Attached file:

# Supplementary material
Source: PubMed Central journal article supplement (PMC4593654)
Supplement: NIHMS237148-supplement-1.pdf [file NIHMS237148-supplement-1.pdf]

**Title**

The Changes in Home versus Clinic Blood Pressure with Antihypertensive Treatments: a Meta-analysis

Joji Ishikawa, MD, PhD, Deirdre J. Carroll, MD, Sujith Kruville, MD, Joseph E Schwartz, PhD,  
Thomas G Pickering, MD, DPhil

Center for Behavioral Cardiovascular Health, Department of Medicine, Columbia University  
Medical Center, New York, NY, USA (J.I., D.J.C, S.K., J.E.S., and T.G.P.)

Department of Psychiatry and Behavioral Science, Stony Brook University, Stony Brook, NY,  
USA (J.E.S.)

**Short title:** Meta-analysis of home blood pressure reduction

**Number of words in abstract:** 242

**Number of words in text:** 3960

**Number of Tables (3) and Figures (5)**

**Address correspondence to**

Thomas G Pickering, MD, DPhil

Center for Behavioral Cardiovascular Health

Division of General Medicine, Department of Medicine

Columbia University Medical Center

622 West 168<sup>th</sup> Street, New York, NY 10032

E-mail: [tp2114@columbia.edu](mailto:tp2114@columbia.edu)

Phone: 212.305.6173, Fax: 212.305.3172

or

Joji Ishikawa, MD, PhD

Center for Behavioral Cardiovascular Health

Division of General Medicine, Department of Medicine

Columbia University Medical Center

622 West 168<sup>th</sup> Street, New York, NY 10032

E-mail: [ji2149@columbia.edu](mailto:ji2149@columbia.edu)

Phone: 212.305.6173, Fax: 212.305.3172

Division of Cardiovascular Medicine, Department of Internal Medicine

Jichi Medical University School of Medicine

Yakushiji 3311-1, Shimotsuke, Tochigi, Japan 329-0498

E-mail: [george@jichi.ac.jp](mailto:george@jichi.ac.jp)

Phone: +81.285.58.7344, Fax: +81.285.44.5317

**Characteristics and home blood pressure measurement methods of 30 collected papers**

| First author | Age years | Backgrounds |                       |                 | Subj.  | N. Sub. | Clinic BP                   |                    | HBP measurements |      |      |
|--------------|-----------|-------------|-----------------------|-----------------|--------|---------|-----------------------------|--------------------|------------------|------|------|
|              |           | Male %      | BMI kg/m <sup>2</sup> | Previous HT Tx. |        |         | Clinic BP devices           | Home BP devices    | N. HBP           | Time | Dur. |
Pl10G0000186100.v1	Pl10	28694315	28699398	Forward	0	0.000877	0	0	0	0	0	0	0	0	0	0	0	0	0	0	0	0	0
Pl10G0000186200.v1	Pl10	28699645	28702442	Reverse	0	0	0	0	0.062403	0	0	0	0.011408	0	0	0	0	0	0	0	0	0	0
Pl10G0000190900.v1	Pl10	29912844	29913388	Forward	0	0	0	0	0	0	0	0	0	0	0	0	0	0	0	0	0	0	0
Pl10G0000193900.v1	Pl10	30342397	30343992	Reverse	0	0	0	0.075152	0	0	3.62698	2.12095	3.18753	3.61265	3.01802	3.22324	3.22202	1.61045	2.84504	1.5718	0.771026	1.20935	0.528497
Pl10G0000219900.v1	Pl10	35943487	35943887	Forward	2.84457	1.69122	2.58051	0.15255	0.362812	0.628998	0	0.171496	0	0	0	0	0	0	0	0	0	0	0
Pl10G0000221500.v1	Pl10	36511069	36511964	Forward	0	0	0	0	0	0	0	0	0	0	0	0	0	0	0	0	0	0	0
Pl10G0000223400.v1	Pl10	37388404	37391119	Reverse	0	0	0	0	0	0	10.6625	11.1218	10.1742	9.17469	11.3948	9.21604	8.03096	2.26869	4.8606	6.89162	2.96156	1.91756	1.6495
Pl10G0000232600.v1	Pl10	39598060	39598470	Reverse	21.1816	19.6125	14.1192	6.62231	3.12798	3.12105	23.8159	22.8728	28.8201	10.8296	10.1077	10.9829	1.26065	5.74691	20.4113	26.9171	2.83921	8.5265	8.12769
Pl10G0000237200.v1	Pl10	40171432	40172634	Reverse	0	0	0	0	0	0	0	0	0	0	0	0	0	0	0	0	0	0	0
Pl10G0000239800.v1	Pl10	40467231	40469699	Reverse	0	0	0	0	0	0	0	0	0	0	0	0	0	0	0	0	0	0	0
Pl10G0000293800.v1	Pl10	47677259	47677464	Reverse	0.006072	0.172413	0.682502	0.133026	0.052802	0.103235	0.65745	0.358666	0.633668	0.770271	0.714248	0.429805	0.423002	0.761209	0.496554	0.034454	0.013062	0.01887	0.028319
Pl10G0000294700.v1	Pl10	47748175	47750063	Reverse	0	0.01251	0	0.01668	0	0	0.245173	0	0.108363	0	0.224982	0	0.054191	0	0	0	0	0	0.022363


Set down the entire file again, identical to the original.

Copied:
# Supplementary material
Source: PubMed Central journal article supplement (PMC4593654)
Supplement: NIHMS237148-supplement-1.pdf [file NIHMS237148-supplement-1.pdf]

**Title**

The Changes in Home versus Clinic Blood Pressure with Antihypertensive Treatments: a Meta-analysis

Joji Ishikawa, MD, PhD, Deirdre J. Carroll, MD, Sujith Kruville, MD, Joseph E Schwartz, PhD,  
Thomas G Pickering, MD, DPhil

Center for Behavioral Cardiovascular Health, Department of Medicine, Columbia University  
Medical Center, New York, NY, USA (J.I., D.J.C, S.K., J.E.S., and T.G.P.)

Department of Psychiatry and Behavioral Science, Stony Brook University, Stony Brook, NY,  
USA (J.E.S.)

**Short title:** Meta-analysis of home blood pressure reduction

**Number of words in abstract:** 242

**Number of words in text:** 3960

**Number of Tables (3) and Figures (5)**

**Address correspondence to**

Thomas G Pickering, MD, DPhil

Center for Behavioral Cardiovascular Health

Division of General Medicine, Department of Medicine

Columbia University Medical Center

622 West 168<sup>th</sup> Street, New York, NY 10032

E-mail: [tp2114@columbia.edu](mailto:tp2114@columbia.edu)

Phone: 212.305.6173, Fax: 212.305.3172

or

Joji Ishikawa, MD, PhD

Center for Behavioral Cardiovascular Health

Division of General Medicine, Department of Medicine

Columbia University Medical Center

622 West 168<sup>th</sup> Street, New York, NY 10032

E-mail: [ji2149@columbia.edu](mailto:ji2149@columbia.edu)

Phone: 212.305.6173, Fax: 212.305.3172

Division of Cardiovascular Medicine, Department of Internal Medicine

Jichi Medical University School of Medicine

Yakushiji 3311-1, Shimotsuke, Tochigi, Japan 329-0498

E-mail: [george@jichi.ac.jp](mailto:george@jichi.ac.jp)

Phone: +81.285.58.7344, Fax: +81.285.44.5317

**Characteristics and home blood pressure measurement methods of 30 collected papers**

| First author | Age years | Backgrounds |                       |                 | Subj.  | N. Sub. | Clinic BP                   |                    | HBP measurements |      |      |
|--------------|-----------|-------------|-----------------------|-----------------|--------|---------|-----------------------------|--------------------|------------------|------|------|
|              |           | Male %      | BMI kg/m <sup>2</sup> | Previous HT Tx. |        |         | Clinic BP devices           | Home BP devices    | N. HBP           | Time | Dur. |
Pl10G0000186100.v1	Pl10	28694315	28699398	Forward	0	0.000877	0	0	0	0	0	0	0	0	0	0	0	0	0	0	0	0	0
Pl10G0000186200.v1	Pl10	28699645	28702442	Reverse	0	0	0	0	0.062403	0	0	0	0.011408	0	0	0	0	0	0	0	0	0	0
Pl10G0000190900.v1	Pl10	29912844	29913388	Forward	0	0	0	0	0	0	0	0	0	0	0	0	0	0	0	0	0	0	0
Pl10G0000193900.v1	Pl10	30342397	30343992	Reverse	0	0	0	0.075152	0	0	3.62698	2.12095	3.18753	3.61265	3.01802	3.22324	3.22202	1.61045	2.84504	1.5718	0.771026	1.20935	0.528497
Pl10G0000219900.v1	Pl10	35943487	35943887	Forward	2.84457	1.69122	2.58051	0.15255	0.362812	0.628998	0	0.171496	0	0	0	0	0	0	0	0	0	0	0
Pl10G0000221500.v1	Pl10	36511069	36511964	Forward	0	0	0	0	0	0	0	0	0	0	0	0	0	0	0	0	0	0	0
Pl10G0000223400.v1	Pl10	37388404	37391119	Reverse	0	0	0	0	0	0	10.6625	11.1218	10.1742	9.17469	11.3948	9.21604	8.03096	2.26869	4.8606	6.89162	2.96156	1.91756	1.6495
Pl10G0000232600.v1	Pl10	39598060	39598470	Reverse	21.1816	19.6125	14.1192	6.62231	3.12798	3.12105	23.8159	22.8728	28.8201	10.8296	10.1077	10.9829	1.26065	5.74691	20.4113	26.9171	2.83921	8.5265	8.12769
Pl10G0000237200.v1	Pl10	40171432	40172634	Reverse	0	0	0	0	0	0	0	0	0	0	0	0	0	0	0	0	0	0	0
Pl10G0000239800.v1	Pl10	40467231	40469699	Reverse	0	0	0	0	0	0	0	0	0	0	0	0	0	0	0	0	0	0	0
Pl10G0000293800.v1	Pl10	47677259	47677464	Reverse	0.006072	0.172413	0.682502	0.133026	0.052802	0.103235	0.65745	0.358666	0.633668	0.770271	0.714248	0.429805	0.423002	0.761209	0.496554	0.034454	0.013062	0.01887	0.028319
Pl10G0000294700.v1	Pl10	47748175	47750063	Reverse	0	0.01251	0	0.01668	0	0	0.245173	0	0.108363	0	0.224982	0	0.054191	0	0	0	0	0	0.022363